Proarrhythmic effects of antiarrhythmic drugs

Douglas P. Zipes

Research output: Contribution to journalArticle

88 Citations (Scopus)

Abstract

Antiarrhythmic agents can worsen existing arrhythmias by increasing their duration or frequency, increasing the number of premature complexes or couplets, altering the rate of the arrhythmia or causing new, previously unexperienced arrhythmias. QT prolongation occurs in many settings, not all of which are associated with increased arrhythmia development. Arrhythmogenesis in the setting of a long QT interval may be related to marked asynchrony of repolarization. The role of afterdepolarizations is still being investigated. No correlation has been established between the occurrence of torsades de pointes, a specific degree of QT prolongation and either the dose or serum concentration of any of the antiarrhythmic agents. In 30 patients who experienced drug-induced ventricular fibrillation, the median time to ventricular fibrillation was only 3 days after drug treatment began. Significant caution must be exercised in determining the need for antiarrhythmic therapy and in monitoring patients after treatment has begun.

Original languageEnglish
JournalThe American Journal of Cardiology
Volume59
Issue number11
DOIs
StatePublished - Apr 30 1987

Fingerprint

Anti-Arrhythmia Agents
Cardiac Arrhythmias
Ventricular Fibrillation
Torsades de Pointes
Physiologic Monitoring
Pharmaceutical Preparations
Therapeutics
Serum

ASJC Scopus subject areas

  • Cardiology and Cardiovascular Medicine

Cite this

Proarrhythmic effects of antiarrhythmic drugs. / Zipes, Douglas P.

In: The American Journal of Cardiology, Vol. 59, No. 11, 30.04.1987.

Research output: Contribution to journalArticle

@article{7cd3bb89b06648b98503b581ae930e50,
title = "Proarrhythmic effects of antiarrhythmic drugs",
abstract = "Antiarrhythmic agents can worsen existing arrhythmias by increasing their duration or frequency, increasing the number of premature complexes or couplets, altering the rate of the arrhythmia or causing new, previously unexperienced arrhythmias. QT prolongation occurs in many settings, not all of which are associated with increased arrhythmia development. Arrhythmogenesis in the setting of a long QT interval may be related to marked asynchrony of repolarization. The role of afterdepolarizations is still being investigated. No correlation has been established between the occurrence of torsades de pointes, a specific degree of QT prolongation and either the dose or serum concentration of any of the antiarrhythmic agents. In 30 patients who experienced drug-induced ventricular fibrillation, the median time to ventricular fibrillation was only 3 days after drug treatment began. Significant caution must be exercised in determining the need for antiarrhythmic therapy and in monitoring patients after treatment has begun.",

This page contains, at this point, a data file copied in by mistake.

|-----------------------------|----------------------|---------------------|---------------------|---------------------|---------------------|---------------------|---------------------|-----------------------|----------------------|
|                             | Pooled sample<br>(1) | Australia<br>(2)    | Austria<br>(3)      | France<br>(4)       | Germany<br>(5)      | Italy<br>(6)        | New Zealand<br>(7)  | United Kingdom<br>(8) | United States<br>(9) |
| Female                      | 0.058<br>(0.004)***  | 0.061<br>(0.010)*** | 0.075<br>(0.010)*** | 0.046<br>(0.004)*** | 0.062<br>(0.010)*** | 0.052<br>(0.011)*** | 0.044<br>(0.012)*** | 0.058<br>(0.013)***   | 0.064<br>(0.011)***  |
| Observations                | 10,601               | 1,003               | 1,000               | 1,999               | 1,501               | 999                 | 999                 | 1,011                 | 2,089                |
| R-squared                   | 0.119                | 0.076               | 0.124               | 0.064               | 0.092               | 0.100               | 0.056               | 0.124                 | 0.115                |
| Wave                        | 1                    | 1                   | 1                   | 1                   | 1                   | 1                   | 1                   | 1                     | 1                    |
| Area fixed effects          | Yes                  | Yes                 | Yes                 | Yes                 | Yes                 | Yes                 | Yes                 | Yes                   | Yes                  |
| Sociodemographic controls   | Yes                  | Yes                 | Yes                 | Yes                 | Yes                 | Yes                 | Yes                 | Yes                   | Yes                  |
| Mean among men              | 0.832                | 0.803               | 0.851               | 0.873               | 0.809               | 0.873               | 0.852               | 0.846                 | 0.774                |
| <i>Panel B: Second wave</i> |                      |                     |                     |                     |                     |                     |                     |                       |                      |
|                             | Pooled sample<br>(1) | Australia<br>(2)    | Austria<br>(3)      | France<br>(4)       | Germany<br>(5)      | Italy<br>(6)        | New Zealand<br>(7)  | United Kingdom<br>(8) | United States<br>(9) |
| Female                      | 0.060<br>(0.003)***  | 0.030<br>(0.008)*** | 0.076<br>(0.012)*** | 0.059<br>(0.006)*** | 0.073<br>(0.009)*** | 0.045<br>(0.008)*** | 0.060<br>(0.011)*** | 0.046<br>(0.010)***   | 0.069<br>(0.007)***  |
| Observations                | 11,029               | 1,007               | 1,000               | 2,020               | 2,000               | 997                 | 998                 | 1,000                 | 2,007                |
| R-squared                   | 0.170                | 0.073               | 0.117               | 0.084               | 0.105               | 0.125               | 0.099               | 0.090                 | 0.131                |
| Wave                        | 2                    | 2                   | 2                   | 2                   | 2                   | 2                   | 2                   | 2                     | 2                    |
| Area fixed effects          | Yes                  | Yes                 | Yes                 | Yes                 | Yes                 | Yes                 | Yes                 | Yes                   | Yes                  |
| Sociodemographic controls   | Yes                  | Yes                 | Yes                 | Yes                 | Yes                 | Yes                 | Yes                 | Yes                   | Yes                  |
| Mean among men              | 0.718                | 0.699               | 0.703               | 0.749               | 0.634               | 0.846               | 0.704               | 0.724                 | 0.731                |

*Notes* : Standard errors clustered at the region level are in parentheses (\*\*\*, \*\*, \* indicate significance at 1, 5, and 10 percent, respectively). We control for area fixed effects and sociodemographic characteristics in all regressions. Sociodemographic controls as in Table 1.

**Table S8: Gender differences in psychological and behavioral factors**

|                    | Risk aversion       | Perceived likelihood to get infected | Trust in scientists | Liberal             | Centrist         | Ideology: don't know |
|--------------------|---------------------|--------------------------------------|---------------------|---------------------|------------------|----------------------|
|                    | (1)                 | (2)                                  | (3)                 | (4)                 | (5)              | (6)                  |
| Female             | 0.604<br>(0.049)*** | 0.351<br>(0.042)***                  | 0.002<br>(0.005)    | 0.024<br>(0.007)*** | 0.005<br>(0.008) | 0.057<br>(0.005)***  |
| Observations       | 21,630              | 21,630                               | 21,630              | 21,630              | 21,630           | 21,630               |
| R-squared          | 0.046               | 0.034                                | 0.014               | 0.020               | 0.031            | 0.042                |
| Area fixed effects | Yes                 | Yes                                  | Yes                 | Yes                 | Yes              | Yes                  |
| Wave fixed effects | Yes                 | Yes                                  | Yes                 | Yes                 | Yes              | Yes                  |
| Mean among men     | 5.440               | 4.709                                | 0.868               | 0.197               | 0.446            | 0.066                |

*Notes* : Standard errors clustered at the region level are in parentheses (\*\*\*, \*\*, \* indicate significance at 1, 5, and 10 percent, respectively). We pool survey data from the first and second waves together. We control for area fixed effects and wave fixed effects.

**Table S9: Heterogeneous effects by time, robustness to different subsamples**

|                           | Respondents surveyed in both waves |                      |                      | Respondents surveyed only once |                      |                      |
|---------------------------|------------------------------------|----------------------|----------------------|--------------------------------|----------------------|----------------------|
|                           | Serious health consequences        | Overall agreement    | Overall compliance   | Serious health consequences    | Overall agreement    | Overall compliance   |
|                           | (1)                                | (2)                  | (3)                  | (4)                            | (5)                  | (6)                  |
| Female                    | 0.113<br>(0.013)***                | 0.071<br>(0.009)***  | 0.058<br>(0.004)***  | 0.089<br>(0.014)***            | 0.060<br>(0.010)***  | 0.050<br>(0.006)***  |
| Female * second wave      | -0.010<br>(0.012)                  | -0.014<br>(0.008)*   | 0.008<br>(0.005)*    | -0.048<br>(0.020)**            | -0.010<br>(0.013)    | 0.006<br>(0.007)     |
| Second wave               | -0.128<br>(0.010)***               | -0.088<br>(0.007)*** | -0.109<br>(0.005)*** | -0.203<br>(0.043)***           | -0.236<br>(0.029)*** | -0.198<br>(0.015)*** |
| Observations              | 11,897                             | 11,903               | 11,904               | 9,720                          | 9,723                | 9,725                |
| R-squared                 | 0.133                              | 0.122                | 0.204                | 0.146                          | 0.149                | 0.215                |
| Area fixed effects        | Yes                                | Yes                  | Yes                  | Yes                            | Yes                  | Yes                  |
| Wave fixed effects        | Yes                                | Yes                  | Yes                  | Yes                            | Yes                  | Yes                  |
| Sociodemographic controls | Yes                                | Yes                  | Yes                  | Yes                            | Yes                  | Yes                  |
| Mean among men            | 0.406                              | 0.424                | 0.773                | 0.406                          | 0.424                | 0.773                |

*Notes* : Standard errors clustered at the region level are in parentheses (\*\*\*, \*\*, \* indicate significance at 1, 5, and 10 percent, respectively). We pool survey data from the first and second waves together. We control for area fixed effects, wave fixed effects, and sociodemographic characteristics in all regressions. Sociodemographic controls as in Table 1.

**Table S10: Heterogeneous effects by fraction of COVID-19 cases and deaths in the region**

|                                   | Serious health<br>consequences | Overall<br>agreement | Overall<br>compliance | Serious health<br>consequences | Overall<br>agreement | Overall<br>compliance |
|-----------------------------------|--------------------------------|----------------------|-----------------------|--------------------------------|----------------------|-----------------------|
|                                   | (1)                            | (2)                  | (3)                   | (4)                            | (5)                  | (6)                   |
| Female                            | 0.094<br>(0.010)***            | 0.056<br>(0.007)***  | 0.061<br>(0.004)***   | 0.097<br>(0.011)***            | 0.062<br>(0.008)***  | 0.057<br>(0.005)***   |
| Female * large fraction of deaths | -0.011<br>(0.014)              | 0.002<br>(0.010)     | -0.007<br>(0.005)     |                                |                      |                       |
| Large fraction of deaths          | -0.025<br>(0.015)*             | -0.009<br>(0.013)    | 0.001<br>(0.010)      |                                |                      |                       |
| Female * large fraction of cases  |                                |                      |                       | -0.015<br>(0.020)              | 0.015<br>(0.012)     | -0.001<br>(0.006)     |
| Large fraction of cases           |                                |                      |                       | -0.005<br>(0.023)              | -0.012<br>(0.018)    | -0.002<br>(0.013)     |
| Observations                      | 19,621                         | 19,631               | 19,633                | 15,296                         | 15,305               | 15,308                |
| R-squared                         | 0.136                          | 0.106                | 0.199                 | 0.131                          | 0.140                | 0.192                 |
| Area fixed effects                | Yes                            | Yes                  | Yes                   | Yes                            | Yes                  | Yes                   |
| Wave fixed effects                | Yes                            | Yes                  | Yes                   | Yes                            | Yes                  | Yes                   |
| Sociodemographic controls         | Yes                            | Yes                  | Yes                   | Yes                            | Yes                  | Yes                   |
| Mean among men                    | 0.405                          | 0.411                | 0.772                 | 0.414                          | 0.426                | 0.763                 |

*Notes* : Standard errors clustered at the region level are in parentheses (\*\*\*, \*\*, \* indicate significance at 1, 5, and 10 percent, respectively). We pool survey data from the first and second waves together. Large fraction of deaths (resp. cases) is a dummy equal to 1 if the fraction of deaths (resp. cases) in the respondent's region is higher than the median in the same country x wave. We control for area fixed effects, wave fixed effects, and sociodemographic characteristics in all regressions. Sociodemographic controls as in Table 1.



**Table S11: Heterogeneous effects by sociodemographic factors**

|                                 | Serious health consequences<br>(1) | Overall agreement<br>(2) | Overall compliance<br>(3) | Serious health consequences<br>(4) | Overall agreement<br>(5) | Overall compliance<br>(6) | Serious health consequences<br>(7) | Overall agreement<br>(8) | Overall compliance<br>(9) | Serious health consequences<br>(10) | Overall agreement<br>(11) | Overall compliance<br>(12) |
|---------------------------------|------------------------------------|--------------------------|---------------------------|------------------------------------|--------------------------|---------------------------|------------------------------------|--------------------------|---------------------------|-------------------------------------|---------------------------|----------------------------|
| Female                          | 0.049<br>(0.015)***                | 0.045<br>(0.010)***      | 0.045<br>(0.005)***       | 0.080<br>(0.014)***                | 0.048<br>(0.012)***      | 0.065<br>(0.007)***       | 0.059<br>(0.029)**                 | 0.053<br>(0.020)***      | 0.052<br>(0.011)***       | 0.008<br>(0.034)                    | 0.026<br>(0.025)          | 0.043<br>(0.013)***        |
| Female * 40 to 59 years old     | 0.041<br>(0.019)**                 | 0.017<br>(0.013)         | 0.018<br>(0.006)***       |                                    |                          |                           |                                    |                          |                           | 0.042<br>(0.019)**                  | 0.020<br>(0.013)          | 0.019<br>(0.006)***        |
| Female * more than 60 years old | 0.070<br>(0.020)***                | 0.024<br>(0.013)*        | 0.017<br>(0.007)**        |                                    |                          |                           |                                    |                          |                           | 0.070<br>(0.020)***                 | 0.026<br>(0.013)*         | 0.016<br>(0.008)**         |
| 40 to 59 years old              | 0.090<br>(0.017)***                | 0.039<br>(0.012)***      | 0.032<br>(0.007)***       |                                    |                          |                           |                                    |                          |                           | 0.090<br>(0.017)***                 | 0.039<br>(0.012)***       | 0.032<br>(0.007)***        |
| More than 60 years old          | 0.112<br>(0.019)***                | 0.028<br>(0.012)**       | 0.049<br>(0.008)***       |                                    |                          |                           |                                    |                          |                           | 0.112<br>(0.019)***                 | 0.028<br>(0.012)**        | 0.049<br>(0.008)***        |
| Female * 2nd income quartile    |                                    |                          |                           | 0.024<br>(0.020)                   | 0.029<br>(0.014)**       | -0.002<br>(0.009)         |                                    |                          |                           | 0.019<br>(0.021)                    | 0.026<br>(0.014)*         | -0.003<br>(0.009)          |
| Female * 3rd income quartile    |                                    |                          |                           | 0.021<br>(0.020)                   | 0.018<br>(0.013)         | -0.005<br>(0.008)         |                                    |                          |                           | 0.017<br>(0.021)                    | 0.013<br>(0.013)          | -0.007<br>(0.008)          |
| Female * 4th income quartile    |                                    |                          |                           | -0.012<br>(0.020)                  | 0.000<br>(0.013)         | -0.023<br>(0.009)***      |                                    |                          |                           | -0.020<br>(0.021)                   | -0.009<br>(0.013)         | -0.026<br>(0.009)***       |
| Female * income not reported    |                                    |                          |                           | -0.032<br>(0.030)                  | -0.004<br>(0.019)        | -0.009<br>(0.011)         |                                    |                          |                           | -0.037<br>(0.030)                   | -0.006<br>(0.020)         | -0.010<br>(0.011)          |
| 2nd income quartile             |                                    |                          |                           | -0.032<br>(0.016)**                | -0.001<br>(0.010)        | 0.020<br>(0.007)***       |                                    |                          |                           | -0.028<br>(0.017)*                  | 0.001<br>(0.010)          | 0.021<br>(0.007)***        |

author = "Zipes, {Douglas P.}",
year = "1987",
month = "4",
day = "30",
doi = "10.1016/0002-9149(87)90198-6",
language = "English",
volume = "59",
journal = "American Journal of Cardiology",
issn = "0002-9149",
publisher = "Elsevier Inc.",
number = "11",

}

TY - JOUR

T1 - Proarrhythmic effects of antiarrhythmic drugs

AU - Zipes, Douglas P.

PY - 1987/4/30

Y1 - 1987/4/30

N2 - Antiarrhythmic agents can worsen existing arrhythmias by increasing their duration or frequency, increasing the number of premature complexes or couplets, altering the rate of the arrhythmia or causing new, previously unexperienced arrhythmias. QT prolongation occurs in many settings, not all of which are associated with increased arrhythmia development. Arrhythmogenesis in the setting of a long QT interval may be related to marked asynchrony of repolarization. The role of afterdepolarizations is still being investigated. No correlation has been established between the occurrence of torsades de pointes, a specific degree of QT prolongation and either the dose or serum concentration of any of the antiarrhythmic agents. In 30 patients who experienced drug-induced ventricular fibrillation, the median time to ventricular fibrillation was only 3 days after drug treatment began. Significant caution must be exercised in determining the need for antiarrhythmic therapy and in monitoring patients after treatment has begun.

AB - Antiarrhythmic agents can worsen existing arrhythmias by increasing their duration or frequency, increasing the number of premature complexes or couplets, altering the rate of the arrhythmia or causing new, previously unexperienced arrhythmias. QT prolongation occurs in many settings, not all of which are associated with increased arrhythmia development. Arrhythmogenesis in the setting of a long QT interval may be related to marked asynchrony of repolarization. The role of afterdepolarizations is still being investigated. No correlation has been established between the occurrence of torsades de pointes, a specific degree of QT prolongation and either the dose or serum concentration of any of the antiarrhythmic agents. In 30 patients who experienced drug-induced ventricular fibrillation, the median time to ventricular fibrillation was only 3 days after drug treatment began. Significant caution must be exercised in determining the need for antiarrhythmic therapy and in monitoring patients after treatment has begun.

UR - http://www.scopus.com/inward/record.url?scp=0023177795&partnerID=8YFLogxK

UR - http://www.scopus.com/inward/citedby.url?scp=0023177795&partnerID=8YFLogxK

U2 - 10.1016/0002-9149(87)90198-6

DO - 10.1016/0002-9149(87)90198-6

M3 - Article

C2 - 2437787

AN - SCOPUS:0023177795

VL - 59

JO - American Journal of Cardiology

JF - American Journal of Cardiology

SN - 0002-9149

IS - 11

ER -